Jump to content

Thomas Bock

From Wikipedia, the free encyclopedia

Thomas Bock
Bock, by his son Alfred Bock, circa 1847.
Born1790 Edit this on Wikidata
Sutton Coldfield Edit this on Wikidata
Died19 March 1855 Edit this on Wikidata (aged 64–65)
Hobart Edit this on Wikidata
OccupationEngraver, artist, daguerreotypist (1847–1855) Edit this on Wikidata
ChildrenWilliam Bock Edit this on Wikidata

1842 watercolour of Mathinna, a Tasmanian Indigenous Australian girl

Thomas Bock was an English-Australian artist and an early adopter of photography in Australia. Born in England he was sentenced to transportation in 1823. After gaining his freedom he set himself up as one of Australia's first professional artists and became well known for his portraits of colonists. As early as 1843 he began taking daguerreotypes in Hobart and became one of the earliest commercial photographers in Australia.

Early life


Bock was born in Sutton Coldfield, Birmingham, England. In his early years he was a chorister at Lichfield Cathedral. Later Bock worked as an engraver at 24 Great Charles Street Birmingham, alongside William Wyon who later became an engraver for the British Mint.[1][2] After finishing his apprentiship he moved to London and established himself as an engraver and miniature painter.[2] In 1817 Bock was awarded the silver medal of the Society of Arts and Commerce for an engraving of a portrait.[3]

In April 1823, Bock was found guilty at the Warwick Assizes of administering drugs to a young woman (his mistress, whose fetus he wished to abort) and sentenced to transportation to Van Diemen's Land (now Tasmania), arriving in January 1824 aboard the Asia.[3] He was set to work preparing plates for banknotes, and then to official assignments making portraits of recently executed criminals and engraved the plates for 1829, 1830 and 1835 Hobart Town Almanack's published by Dr James Ross.[3]

Career in Australia


Upon earning his freedom Bock set himself up as one of Australia's first professional artists and became well known for his portraits of colonists. He was also commissioned by Lady Jane Franklin, wife of Arctic explorer Sir John Franklin (at the time, the Lieutenant-Governor of Van Diemen's Land) to paint the portraits of some Tasmanian Aborigines.[3] Bock's first studio was in Lower Liverpool Street, Hobart but he later moved to a house at No. 22 Campbell Street, and it was here he painted most of his portraits.[2] In 1843 Bock visited Sydney but returned to exhibit at the first major art exhibition, which was held in Hobart in 1845.[3][4]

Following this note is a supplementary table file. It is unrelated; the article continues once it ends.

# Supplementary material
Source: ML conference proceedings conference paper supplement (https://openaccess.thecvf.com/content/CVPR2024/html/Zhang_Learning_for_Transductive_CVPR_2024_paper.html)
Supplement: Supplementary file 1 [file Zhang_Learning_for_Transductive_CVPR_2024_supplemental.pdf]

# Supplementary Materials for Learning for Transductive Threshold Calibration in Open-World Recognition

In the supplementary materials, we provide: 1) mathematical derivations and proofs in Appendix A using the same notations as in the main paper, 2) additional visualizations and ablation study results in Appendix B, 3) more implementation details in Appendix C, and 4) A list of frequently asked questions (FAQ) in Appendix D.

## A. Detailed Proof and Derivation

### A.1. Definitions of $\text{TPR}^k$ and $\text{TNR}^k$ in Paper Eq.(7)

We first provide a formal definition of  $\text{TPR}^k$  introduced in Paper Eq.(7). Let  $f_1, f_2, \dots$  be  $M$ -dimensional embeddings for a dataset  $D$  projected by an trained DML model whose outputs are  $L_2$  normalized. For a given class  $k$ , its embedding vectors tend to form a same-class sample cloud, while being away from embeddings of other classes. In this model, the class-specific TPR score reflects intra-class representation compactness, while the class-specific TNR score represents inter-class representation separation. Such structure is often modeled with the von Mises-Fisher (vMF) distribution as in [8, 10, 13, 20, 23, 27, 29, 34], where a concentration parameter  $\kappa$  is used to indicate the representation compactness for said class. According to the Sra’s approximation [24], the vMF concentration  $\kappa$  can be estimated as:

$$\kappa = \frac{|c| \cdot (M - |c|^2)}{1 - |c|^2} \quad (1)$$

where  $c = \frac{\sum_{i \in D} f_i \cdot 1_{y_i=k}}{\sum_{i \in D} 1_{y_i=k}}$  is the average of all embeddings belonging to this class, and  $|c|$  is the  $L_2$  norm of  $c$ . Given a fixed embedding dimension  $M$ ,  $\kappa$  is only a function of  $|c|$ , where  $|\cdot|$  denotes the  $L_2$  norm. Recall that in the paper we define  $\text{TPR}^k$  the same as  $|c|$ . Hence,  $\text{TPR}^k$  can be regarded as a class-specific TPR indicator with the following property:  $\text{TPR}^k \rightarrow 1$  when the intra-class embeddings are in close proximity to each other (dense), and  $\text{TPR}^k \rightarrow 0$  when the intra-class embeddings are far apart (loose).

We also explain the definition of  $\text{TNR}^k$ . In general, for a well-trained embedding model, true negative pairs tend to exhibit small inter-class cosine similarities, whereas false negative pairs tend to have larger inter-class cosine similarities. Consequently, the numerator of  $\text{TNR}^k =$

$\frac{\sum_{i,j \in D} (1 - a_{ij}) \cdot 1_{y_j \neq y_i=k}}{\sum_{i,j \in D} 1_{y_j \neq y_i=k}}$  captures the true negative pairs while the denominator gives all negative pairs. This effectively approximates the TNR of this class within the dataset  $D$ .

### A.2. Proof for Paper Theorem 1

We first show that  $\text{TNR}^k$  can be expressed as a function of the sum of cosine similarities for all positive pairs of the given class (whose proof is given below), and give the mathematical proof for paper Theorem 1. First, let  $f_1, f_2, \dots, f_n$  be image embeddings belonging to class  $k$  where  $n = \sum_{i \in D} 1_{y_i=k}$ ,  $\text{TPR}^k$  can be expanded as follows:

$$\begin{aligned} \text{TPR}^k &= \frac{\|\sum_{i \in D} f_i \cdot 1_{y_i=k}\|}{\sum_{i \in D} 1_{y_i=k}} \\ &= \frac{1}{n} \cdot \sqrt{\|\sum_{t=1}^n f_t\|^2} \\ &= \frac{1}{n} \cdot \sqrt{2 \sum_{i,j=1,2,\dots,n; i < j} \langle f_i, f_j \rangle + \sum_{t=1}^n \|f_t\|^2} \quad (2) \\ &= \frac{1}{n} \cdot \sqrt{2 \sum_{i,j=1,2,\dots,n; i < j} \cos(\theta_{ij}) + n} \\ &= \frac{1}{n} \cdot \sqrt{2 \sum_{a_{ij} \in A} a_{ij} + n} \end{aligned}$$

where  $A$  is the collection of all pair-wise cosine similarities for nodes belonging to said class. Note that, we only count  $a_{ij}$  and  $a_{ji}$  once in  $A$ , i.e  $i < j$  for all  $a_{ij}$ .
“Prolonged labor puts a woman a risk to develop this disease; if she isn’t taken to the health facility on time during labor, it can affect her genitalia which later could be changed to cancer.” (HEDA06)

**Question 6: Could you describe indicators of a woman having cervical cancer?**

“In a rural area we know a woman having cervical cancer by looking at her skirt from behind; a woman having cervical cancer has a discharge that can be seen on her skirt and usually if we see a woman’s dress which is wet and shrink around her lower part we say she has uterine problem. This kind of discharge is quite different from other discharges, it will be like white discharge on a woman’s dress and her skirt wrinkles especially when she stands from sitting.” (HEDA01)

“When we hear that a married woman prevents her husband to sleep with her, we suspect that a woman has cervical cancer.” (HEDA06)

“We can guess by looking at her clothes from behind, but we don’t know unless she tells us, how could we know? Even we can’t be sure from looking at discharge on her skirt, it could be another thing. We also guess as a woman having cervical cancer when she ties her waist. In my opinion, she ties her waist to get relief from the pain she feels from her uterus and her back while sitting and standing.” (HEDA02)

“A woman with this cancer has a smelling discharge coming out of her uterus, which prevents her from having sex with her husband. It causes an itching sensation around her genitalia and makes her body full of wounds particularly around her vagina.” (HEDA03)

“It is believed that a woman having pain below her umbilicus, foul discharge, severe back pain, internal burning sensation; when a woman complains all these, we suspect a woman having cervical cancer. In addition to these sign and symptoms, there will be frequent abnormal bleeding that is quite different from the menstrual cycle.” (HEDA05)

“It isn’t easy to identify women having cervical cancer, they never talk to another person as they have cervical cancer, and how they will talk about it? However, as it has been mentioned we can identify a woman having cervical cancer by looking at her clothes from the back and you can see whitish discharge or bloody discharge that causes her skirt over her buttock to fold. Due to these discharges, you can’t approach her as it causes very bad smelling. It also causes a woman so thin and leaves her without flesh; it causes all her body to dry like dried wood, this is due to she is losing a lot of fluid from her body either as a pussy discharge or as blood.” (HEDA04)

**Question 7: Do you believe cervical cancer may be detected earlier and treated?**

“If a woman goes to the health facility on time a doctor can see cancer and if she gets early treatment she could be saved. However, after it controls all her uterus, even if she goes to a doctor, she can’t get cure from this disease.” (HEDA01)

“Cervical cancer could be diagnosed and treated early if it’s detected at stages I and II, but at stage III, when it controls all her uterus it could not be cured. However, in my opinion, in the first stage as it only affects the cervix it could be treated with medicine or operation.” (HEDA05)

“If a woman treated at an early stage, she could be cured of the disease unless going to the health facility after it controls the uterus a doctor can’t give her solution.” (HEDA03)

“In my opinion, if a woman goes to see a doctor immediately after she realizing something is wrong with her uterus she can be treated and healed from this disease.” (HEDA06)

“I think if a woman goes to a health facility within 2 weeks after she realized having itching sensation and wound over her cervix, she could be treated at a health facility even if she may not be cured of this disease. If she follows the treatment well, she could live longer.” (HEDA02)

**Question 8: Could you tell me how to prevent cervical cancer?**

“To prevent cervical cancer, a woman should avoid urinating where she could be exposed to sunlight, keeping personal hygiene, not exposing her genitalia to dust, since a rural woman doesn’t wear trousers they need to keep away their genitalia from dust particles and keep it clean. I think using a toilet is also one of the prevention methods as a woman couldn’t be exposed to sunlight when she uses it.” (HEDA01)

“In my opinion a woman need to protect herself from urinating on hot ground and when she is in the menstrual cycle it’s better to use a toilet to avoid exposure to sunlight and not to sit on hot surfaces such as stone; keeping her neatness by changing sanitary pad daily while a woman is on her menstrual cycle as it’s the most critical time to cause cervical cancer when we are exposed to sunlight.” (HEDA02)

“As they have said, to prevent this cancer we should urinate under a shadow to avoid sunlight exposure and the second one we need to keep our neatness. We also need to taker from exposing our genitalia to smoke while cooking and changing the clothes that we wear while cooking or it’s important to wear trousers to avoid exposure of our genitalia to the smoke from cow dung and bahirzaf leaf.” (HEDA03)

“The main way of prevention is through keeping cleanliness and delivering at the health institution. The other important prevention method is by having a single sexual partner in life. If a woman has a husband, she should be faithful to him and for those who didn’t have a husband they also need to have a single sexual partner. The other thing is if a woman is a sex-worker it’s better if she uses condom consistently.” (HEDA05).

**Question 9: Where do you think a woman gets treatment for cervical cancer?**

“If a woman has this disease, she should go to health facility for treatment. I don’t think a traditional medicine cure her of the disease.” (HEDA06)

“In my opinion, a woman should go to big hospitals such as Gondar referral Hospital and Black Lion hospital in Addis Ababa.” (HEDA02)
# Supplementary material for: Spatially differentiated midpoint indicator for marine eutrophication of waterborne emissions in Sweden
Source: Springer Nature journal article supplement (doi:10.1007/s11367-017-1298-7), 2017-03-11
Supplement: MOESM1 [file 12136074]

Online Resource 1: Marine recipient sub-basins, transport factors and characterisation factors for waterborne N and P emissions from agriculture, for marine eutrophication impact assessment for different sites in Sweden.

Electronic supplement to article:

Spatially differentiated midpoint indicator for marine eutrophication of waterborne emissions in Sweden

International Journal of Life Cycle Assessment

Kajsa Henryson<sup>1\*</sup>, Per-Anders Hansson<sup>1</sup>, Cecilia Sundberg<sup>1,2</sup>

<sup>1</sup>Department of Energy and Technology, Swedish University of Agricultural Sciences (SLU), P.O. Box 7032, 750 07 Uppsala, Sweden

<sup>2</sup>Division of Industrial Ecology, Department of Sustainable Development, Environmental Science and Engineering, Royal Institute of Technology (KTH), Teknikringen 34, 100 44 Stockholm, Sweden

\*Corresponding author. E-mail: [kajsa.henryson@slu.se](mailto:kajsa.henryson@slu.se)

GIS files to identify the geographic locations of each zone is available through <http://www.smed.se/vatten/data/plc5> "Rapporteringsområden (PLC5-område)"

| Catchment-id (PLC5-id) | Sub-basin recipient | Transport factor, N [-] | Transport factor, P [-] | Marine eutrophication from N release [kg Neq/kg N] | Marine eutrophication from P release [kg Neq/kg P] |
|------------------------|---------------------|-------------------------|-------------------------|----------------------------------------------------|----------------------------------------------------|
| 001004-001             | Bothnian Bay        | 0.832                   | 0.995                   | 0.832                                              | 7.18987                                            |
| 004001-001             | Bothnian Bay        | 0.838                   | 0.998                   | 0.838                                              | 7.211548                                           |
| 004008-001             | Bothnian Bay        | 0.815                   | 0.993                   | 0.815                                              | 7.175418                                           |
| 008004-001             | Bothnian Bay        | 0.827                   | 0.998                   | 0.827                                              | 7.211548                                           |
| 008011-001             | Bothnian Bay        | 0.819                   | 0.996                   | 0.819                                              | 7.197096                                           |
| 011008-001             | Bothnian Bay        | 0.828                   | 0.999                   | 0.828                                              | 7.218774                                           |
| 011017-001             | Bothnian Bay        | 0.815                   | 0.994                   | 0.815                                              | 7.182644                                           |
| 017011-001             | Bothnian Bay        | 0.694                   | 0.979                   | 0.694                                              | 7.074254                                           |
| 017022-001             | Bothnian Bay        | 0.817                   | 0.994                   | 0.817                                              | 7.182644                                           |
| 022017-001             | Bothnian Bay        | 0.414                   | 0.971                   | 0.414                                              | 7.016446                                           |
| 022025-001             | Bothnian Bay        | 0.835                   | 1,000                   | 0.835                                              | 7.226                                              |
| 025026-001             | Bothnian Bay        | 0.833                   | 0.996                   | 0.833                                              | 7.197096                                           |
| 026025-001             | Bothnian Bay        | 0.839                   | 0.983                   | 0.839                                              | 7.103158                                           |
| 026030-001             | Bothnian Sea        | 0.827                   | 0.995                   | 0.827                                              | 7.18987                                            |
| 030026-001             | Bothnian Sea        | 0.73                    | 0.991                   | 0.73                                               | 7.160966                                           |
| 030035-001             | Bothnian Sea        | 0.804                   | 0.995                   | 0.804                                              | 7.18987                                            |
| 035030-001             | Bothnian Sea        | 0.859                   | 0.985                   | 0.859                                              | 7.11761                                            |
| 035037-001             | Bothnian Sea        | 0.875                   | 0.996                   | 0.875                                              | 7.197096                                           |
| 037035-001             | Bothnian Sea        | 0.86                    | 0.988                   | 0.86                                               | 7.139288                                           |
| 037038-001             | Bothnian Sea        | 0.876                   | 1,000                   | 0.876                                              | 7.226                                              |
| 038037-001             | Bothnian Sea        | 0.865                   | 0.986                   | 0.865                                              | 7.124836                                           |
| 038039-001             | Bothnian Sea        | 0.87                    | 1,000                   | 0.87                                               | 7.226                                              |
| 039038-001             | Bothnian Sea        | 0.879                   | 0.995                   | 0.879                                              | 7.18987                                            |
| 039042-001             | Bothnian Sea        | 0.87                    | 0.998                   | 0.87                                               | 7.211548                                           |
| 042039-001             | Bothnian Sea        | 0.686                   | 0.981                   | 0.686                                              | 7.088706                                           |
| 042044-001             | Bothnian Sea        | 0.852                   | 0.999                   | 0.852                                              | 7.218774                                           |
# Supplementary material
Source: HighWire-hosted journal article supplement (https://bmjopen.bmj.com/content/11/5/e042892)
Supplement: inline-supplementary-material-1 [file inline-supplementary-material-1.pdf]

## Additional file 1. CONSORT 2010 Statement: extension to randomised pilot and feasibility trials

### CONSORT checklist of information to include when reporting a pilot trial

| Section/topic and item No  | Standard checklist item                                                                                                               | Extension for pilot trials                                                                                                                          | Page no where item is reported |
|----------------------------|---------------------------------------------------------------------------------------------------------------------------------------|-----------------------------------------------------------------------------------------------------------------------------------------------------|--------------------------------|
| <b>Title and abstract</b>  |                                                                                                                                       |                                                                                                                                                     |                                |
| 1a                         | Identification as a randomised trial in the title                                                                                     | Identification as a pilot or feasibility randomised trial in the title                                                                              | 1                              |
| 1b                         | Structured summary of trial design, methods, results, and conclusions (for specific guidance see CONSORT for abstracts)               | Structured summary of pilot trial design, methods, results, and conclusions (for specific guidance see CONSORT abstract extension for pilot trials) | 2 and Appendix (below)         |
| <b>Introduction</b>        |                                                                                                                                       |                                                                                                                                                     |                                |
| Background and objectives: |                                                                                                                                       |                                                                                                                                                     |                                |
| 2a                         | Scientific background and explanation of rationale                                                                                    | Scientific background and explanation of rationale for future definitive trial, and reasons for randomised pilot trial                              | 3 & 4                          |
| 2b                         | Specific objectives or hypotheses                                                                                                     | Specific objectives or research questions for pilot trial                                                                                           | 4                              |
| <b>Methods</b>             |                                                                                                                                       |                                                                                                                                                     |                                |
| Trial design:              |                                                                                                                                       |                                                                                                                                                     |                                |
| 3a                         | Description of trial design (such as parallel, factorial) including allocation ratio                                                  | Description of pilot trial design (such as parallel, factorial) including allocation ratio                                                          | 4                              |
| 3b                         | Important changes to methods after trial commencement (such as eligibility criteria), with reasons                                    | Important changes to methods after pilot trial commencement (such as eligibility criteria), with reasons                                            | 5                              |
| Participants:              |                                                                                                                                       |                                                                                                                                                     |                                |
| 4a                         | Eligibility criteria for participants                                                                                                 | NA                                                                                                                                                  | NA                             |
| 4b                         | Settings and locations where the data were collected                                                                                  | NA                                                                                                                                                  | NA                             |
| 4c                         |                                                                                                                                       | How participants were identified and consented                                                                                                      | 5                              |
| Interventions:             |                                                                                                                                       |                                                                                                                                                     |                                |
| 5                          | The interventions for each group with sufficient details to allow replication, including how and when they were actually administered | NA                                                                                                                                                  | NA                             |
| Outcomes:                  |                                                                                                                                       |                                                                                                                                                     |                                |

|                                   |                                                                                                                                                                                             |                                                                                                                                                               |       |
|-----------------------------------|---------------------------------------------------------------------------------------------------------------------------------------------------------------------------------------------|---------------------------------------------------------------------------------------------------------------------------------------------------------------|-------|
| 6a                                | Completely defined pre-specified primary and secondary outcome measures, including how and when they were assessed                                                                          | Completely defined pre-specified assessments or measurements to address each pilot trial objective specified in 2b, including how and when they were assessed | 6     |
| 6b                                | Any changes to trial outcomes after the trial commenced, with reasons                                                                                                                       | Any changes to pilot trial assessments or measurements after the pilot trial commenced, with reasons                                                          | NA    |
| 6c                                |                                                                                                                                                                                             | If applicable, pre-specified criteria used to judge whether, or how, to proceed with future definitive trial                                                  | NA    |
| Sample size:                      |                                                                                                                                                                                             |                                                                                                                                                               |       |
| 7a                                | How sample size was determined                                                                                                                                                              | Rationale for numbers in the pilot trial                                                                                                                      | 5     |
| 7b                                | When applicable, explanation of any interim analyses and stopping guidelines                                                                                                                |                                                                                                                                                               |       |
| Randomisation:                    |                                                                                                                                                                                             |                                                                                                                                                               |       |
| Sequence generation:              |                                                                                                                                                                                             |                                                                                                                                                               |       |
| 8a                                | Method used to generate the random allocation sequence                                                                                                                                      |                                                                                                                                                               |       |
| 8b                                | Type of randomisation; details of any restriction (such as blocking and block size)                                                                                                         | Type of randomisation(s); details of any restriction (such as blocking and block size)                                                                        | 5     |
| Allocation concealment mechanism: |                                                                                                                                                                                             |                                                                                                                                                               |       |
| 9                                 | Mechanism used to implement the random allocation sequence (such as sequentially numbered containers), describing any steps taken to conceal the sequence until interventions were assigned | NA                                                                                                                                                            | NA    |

Bock painted oils, water-colour, and crayons as well as working as one of Australia's first photographers. But according to Henry Allport, a close contemporary of Bock's, it was his crayon works which produced the happiest results as it was in this medium that he best captured the character of the sitter.[2]

As early as October 1843 Bock was taking daguerreotypes in Hobart even though the licence to use the process in Australia was at this time held by George Baron Goodman. It seems Bock acquired a camera and associated apparatus and was producing portraits which, along with Goodman's, were among the earliest taken in Australia.[5] Bock clearly maintained his interest in photography as in 1849 he was advertising that he had completed his arrangements for taking portrait daguerreotypes from his studio at 22 Campbell Street.[6]

On 18 March 1855 Thomas Bock died aged 65.[7] It appears for all his hard work Bock did not die a wealthy man as on 1 May 1855 an exhibition of his paintings and drawings was opened a R. L. Hood's Exhibition Room in Hobart in an effort to raise money for his widow and family.[8][9]

Bock was one of the exhibitors at the first major art exhibition, in Hobart. His official work produced private commissions, and by the time of his death in Hobart, Tasmania, he was a successful portraitist specialising in miniatures. Bock was one of the most highly skilled of the early convict artists. Much of his apparently voluminous output remains lost, or at least unidentified, but he can be credited with two Australian "firsts": he left behind a small body of nude studies, rare in early colonial art; and he was one of the first in the colonies to experiment with daguerreotype photography.[3]

See also



  1. ^ Bock, Thomas. "Sketches of Tasmanian Bushrangers, ca. 1823 - 1843" (1824-1843) [Sketch Book]. Thomas Bock - Sketches of Tasmanian Bushrangers, 1823-1943, Series: DL PX5, File: http://archival.sl.nsw.gov.au/Details/archive/110327187. NSW, Australia: Dixson Collection, State Library of New South Wales.
  2. ^ a b c d "Art in Tasmania". The Mercury. Vol. CXXXV, no. 19, 980. Tasmania, Australia. 21 August 1931. p. 7. Retrieved 16 June 2018 – via National Library of Australia.
  3. ^ a b c d e f William Bryden, 'Bock, Thomas (1790–1855)', Australian Dictionary of Biography, National Centre of Biography, Australian National University, published first in hardcopy 1966
  4. ^ "Exhibition of Paintings". Colonial Times. Vol. 33, no. 1694. Tasmania, Australia. 11 January 1845. p. 3. Retrieved 16 June 2018.
  5. ^ "Daguerreotype". The Courier. Vol. XVI, no. 932. Tasmania, Australia. 6 October 1843. p. 1. Retrieved 16 June 2018.
  6. ^ "Classified Advertising". The Courier. Vol. XXII, no. 1468. Tasmania, Australia. 2 May 1849. p. 1. Retrieved 16 June 2018.
  7. ^ "Family Notices". The Tasmanian Colonist. Vol. V, no. 380. Tasmania, Australia. 22 March 1855. p. 2. Retrieved 16 June 2018.
  8. ^ "Classified Advertising". The Courier. Vol. XXIX, no. 2570. Tasmania, Australia. 23 May 1855. p. 4. Retrieved 16 June 2018.
  9. ^ "Fine Arts". The Courier. Vol. XXIX, no. 2554. Tasmania, Australia. 4 May 1855. p. 2. Retrieved 17 June 2018.